“They were about what I thought they were going to be,” said free safety Mike Minter, who had a fumble recovery. “Fourteen points on the defense, and that last one, you can’t count that.

“So that’s pretty good. They’ve been putting up 30-something points on everyone.”

Lyght’s 57-yard interception return with 15 seconds to go in the first quarter was the Rams’ biggest defensive play, giving them the lead for good at 14-7. Lyght took away the inside route from Patrick Jeffers and the pass from Steve Beuerlein, who had been 9-for-9, hit him right in the numbers.

“Just a bad play on my part,” Beuerlein said. “I’ve got nowhere else to put the blame. I threw it too quick and hit him right in the chest.”

Lyght, who has four career touchdowns, was shocked and pleased.

“When you catch the ball clean like that and get a free run to the zone, it’s always a lovely situation,” Lyght said. “We needed a big play to get it open and that was it, and after that we never looked back.”


Kevin Carter had 2½ of the Rams’ six sacks for the 10th multisack game of his career. He has 5½ the last two weeks, is among the league leaders with 9½ and has 11 sacks in nine career games against the Panthers.

”Our front four is, I think, as good as any,” Carter said. “We really come after you.”

Beuerlein, who had three touchdown passes last week, was effective from a statistical standpoint, going 24-for-39 for 286 yards, but with two interceptions. Walls caught a 14-yard pass for the game’s first score, and Muhsin Muhammad had nine receptions for 125 yards before leaving in the second half with injured ribs.

Final Takeaway

The 7-0 deficit early in the first quarter was the first time all season that the ‘99 Rams trailed at home. They went undefeated in the dome in 1999 with the closest game being 27-10 in Week 1 against an elite Ravens defense. It was blowout after blowout after blowout until the playoffs.

Carolina dropped to 3-6 but as mentioned, Beuerlein found unprecedented glory from there on out and the Panthers went 5-2 in the final seven games to finish at .500.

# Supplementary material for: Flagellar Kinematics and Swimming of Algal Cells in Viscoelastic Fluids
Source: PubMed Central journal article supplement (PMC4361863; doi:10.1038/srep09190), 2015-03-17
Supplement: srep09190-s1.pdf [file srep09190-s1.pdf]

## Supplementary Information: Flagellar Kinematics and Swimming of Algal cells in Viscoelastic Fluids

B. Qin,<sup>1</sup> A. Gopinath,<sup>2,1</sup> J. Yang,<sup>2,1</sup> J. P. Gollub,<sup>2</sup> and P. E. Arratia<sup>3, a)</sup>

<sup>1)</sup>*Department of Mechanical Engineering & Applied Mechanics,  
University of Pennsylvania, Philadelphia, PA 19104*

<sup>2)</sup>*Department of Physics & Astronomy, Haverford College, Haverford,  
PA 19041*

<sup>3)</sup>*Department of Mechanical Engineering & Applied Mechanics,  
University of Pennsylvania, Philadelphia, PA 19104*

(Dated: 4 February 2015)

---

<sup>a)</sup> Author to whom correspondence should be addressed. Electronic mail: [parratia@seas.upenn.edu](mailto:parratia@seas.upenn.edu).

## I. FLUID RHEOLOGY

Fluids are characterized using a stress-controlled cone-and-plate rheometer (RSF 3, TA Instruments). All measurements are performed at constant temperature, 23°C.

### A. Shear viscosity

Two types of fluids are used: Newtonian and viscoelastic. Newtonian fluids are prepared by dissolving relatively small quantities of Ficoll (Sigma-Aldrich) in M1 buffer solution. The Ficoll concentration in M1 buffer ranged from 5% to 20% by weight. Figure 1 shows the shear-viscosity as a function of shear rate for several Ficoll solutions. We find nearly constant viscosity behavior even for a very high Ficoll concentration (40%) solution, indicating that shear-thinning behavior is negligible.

Beuerlein, Notre Dame’s quarterback up until the year before Lyght arrived, actually went 4-0 in place of Troy Aikman for the ‘91 Cowboys, even winning a playoff game against the Chicago Bears. He later had a short stint with the Cardinals (where his top receiver was Ricky Proehl), meaning he was briefly teammates with Aeneas Williams. Then came the ‘99 season, leading the NFL in completions and yards (yes, over Warner) but the offense sputtered in 2000 and his career would wind down in 2003 with the Broncos.

Jeffers caught 63 passes for 1,082 yards and 12 touchdowns in 1999 but missed all of 2000 with a torn ACL and surgery on both knees. He only caught 14 more passes in his career.

The Panthers went 7-9 in 2000, then 1-15 in 2001, resulting in the firing of Seifert and the selection of Julius Peppers in the 2002 NFL Draft. Had it not been for an expansion team in Houston though, the team may have selected quarterback David Carr instead. There was some discussion as to whether Carr, Peppers, or Joey Harrington could be the best prospect in the draft (with other reports saying that Carolina nearly took Quentin Jammer) and the Panthers had an obvious need at quarterback.

The “luck” of the Texans existing meant that the Panthers would get Peppers, an immediate Hall of Famer when he’s eligible. Even Dick Vermeil, then the former Rams coach, said he’d definitely take Peppers first overall.

As for Lyght, this was not the last interception of his season. Not even close. He made his first and only Pro Bowl in 1999, recording 72 tackles, six picks, 13 passes defensed, 2.5 sacks, and one forced fumble. Lyght played one more year in St. Louis before signing a free agent deal with the Detroit Lions in 2001. In his first and only career game against the Rams, Lyght failed to record a tackle for the only time in his career that we know of. He had no picks or any stats of any kind as the Lions lost 35-0 on their way to a 2-14 season that helped them land Harrington.

With Lyght gone, St. Louis turned his spot over to a free agent corner who had never missed a game and was a six-time Pro Bowler done with his career in Arizona: Aeneas Williams.

Williams goes into the Hall of Fame and Lyght into the Hall of Not Bad Or Anything and had they flipped spots in the draft, what sort of difference would it have made? The Rams got a really good career from Lyght and a Super Bowl championship during his finest season.

Then they also got Williams to replace him.

Up Next: San Francisco 49ers Part II